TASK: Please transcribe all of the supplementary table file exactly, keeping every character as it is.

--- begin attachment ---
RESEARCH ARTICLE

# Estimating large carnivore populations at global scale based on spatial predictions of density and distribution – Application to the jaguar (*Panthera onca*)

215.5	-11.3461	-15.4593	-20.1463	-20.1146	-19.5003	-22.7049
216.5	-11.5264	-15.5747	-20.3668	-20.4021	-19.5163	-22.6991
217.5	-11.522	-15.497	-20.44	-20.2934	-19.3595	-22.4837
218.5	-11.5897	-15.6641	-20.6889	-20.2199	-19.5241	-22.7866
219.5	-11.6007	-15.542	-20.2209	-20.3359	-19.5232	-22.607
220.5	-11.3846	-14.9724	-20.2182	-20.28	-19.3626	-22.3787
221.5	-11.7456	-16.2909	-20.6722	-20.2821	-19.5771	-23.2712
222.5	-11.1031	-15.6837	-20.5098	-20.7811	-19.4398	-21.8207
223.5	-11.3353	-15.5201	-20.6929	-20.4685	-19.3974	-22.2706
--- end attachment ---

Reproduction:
RESEARCH ARTICLE

# Estimating large carnivore populations at global scale based on spatial predictions of density and distribution – Application to the jaguar (*Panthera onca*)

215.5	-11.3461	-15.4593	-20.1463	-20.1146	-19.5003	-22.7049
216.5	-11.5264	-15.5747	-20.3668	-20.4021	-19.5163	-22.6991
217.5	-11.522	-15.497	-20.44	-20.2934	-19.3595	-22.4837
218.5	-11.5897	-15.6641	-20.6889	-20.2199	-19.5241	-22.7866
219.5	-11.6007	-15.542	-20.2209	-20.3359	-19.5232	-22.607
220.5	-11.3846	-14.9724	-20.2182	-20.28	-19.3626	-22.3787
221.5	-11.7456	-16.2909	-20.6722	-20.2821	-19.5771	-23.2712
222.5	-11.1031	-15.6837	-20.5098	-20.7811	-19.4398	-21.8207
223.5	-11.3353	-15.5201	-20.6929	-20.4685	-19.3974	-22.2706